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Cash-Out Refinance: How It Works and When to Get One

With a cash-out refinance, you might be able to get a lower interest rate and larger loan amount than with a personal loan or other alternative.

By Kat Tretina

Written by

Kat Tretina


Kat Tretina is a freelance writer specializing in personal finance. Her work has been published in The Wall Street Journal's Buy Side, U.S. News, and

Edited by Reina Marszalek

Written by

Reina Marszalek

Senior editor

Reina is a senior mortgage editor at Credible and Fox Money.

Updated June 18, 2024

Editorial disclosure: Our goal is to give you the tools and confidence you need to improve your finances. Although we receive compensation from our partner lenders, whom we will always identify, all opinions are our own. Credible Operations, Inc. NMLS # 1681276, is referred to here as “Credible.”


When you own a home, you build equity over time by making payments toward the principal and letting the market value naturally appreciate. The downside? Your equity is typically locked up until you sell the property.

However, you can tap into your home equity without having to move. A cash-out refinance replaces your old mortgage with a new, larger loan. You pocket the difference and pay down the new loan over time.

While there are many benefits to getting a cash-out refinance, it isn’t always the best way to access your home equity.

What is a cash-out refinance?

A cash-out refinance is a type of mortgage refinance that allows you to take out a loan for more than you owe on your current mortgage. The lender hands you the difference in cash, minus closing costs. You pay back the new loan over time, usually between 15 and 30 years. Your home acts as collateral on the loan, just like with a regular mortgage.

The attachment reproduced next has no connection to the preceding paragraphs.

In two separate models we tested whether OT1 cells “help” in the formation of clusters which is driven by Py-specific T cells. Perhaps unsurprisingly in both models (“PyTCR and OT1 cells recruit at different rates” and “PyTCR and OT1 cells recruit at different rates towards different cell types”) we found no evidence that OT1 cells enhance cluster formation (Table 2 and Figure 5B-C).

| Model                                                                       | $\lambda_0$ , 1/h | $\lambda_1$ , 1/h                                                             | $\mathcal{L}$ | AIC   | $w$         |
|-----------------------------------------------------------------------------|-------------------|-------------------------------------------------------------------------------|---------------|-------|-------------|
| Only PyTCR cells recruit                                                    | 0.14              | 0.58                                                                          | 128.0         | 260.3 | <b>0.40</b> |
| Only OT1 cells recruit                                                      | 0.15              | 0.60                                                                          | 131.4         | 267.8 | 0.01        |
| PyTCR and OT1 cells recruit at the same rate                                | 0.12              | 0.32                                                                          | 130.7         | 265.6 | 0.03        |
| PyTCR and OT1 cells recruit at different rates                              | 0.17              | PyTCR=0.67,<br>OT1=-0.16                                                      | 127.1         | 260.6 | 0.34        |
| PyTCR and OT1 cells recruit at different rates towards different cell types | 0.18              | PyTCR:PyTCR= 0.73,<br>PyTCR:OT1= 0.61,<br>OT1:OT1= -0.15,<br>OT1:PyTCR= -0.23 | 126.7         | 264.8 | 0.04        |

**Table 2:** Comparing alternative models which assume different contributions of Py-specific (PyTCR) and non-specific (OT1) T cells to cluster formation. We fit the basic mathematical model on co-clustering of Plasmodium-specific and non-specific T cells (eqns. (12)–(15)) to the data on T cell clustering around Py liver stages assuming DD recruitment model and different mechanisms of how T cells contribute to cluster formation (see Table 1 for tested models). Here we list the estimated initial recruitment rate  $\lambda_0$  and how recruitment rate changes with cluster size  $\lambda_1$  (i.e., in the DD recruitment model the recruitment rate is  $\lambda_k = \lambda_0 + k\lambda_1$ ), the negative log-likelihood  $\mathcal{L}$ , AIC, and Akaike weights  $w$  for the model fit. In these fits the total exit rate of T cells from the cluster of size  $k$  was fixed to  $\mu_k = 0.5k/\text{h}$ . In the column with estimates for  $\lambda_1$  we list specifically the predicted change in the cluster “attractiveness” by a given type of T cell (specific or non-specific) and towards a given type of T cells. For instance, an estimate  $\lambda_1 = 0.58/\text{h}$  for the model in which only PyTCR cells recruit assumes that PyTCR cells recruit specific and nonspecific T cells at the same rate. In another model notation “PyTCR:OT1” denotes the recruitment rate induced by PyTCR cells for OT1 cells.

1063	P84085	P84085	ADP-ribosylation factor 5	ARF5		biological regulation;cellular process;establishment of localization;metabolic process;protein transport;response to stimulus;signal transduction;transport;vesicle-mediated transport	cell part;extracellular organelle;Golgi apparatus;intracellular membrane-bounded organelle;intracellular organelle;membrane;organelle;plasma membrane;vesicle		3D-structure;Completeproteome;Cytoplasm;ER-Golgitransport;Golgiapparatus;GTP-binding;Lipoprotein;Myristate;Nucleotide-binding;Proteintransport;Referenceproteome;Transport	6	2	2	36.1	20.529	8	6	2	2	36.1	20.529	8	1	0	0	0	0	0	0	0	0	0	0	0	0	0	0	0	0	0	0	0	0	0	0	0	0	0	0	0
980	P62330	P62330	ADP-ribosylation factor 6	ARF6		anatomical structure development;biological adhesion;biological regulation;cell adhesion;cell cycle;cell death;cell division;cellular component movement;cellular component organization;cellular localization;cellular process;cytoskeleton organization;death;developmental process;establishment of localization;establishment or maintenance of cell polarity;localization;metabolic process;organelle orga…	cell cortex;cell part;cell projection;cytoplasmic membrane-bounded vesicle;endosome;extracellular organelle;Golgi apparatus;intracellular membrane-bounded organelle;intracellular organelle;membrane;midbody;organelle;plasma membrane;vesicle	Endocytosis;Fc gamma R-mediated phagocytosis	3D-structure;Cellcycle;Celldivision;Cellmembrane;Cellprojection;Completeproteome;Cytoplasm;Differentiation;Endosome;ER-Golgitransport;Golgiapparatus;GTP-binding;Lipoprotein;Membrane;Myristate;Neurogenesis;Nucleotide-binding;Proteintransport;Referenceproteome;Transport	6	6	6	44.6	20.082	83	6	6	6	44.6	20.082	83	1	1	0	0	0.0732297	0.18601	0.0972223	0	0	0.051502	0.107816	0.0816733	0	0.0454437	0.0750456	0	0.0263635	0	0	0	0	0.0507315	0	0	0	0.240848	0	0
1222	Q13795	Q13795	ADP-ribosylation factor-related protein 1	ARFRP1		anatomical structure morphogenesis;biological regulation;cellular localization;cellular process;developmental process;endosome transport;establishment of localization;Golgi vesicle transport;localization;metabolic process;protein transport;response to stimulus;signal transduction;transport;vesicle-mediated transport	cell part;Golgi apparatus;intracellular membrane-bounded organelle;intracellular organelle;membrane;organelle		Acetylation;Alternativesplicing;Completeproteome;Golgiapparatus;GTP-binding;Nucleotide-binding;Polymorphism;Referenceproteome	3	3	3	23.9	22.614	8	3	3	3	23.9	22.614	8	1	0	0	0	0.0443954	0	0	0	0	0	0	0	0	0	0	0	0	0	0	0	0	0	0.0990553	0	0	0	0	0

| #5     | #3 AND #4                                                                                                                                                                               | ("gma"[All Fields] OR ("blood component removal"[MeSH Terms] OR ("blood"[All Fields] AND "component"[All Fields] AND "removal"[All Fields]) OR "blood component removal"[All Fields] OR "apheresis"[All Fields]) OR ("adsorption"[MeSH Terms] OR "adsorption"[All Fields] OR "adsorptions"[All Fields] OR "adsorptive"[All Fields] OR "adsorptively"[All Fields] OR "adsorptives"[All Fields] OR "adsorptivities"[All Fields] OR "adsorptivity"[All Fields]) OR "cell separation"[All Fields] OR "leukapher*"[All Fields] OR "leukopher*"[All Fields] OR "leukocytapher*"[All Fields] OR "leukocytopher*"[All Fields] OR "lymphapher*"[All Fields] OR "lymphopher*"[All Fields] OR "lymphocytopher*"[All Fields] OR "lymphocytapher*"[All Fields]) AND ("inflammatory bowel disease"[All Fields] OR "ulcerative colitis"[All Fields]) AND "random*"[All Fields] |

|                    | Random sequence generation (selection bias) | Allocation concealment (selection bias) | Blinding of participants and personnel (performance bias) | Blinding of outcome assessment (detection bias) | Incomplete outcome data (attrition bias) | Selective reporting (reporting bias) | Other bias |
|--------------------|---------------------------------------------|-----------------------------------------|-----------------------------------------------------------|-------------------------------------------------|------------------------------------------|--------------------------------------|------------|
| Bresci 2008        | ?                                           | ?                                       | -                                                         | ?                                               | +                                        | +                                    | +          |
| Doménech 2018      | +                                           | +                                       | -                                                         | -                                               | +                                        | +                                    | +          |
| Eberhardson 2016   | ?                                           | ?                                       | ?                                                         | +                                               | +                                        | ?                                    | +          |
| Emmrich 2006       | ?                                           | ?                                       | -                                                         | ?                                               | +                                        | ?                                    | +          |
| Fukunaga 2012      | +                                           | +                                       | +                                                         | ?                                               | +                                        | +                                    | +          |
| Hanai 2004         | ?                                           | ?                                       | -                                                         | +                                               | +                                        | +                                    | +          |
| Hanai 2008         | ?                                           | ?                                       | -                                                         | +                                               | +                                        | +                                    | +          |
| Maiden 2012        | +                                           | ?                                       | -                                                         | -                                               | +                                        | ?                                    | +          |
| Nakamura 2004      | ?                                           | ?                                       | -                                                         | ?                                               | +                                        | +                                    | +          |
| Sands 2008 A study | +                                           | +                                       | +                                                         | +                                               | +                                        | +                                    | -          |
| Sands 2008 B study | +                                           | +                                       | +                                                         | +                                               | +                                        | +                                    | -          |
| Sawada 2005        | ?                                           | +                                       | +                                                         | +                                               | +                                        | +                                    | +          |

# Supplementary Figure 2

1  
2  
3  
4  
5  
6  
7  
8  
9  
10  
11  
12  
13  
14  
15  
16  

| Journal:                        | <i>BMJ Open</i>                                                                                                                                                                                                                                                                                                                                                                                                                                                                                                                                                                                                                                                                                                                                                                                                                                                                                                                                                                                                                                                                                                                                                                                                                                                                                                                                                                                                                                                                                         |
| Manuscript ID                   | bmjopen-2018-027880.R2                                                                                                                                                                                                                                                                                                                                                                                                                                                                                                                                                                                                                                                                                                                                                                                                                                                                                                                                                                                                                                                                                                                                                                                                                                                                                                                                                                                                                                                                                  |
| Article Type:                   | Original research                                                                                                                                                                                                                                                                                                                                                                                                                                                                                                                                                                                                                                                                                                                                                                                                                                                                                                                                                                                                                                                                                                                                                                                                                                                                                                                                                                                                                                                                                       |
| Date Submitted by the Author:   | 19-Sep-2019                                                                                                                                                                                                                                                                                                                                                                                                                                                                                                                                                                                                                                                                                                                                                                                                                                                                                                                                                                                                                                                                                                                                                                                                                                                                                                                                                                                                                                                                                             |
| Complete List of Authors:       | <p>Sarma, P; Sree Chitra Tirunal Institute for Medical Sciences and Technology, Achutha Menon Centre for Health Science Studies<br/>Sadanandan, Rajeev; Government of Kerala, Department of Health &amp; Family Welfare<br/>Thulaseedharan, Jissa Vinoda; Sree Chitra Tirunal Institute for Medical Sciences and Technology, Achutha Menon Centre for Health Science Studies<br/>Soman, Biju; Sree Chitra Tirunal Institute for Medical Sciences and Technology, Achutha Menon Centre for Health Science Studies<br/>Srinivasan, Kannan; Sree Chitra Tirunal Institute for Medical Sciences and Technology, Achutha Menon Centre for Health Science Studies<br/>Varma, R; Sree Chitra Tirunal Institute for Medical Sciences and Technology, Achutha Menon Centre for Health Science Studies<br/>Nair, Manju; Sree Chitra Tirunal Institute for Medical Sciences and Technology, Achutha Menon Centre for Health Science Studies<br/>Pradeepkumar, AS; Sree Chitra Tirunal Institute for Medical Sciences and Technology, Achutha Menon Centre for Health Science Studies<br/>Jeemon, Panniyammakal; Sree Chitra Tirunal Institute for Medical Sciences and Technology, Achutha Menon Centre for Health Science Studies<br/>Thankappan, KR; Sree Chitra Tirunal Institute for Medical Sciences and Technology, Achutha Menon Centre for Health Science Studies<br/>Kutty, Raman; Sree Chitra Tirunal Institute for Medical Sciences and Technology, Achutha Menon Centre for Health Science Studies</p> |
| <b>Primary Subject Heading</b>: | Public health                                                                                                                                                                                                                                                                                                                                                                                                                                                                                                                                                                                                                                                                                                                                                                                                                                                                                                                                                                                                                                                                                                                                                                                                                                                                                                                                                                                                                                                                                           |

How does a cash-out refinance work?

A cash-out refinance replaces your existing mortgage with a new, larger mortgage. You get the difference as a lump sum of cash, usually through a wire transfer to your bank account after closing. You can use the cash for any purpose, but popular uses include debt consolidation and home improvements.

There’s usually a “seasoning” requirement, which is a period you’ll need to wait between closing on your first mortgage and getting a cash-out refinance. The seasoning requirement depends on the type of mortgage you have.

  • Conventional loans: You’ll need to own the home for at least six months.
  • VA loans: You’ll need to wait at least 210 days from the first payment or make at least six payments on the loan, whichever is longer.
  • FHA loans: You’ll need to live in the home for at least 12 months before applying for a cash-out refinance.

The amount you can borrow depends on your home’s value, mortgage balance, and credit score. You’ll typically need a loan-to-value (LTV) ratio of at least 80% after the cash-out refinance.

For example: Let’s say you bought your house for $250,000 and you’ve paid your mortgage down to $150,000. Your house has appreciated and is now worth $300,000. Your equity is 50%, or $150,000.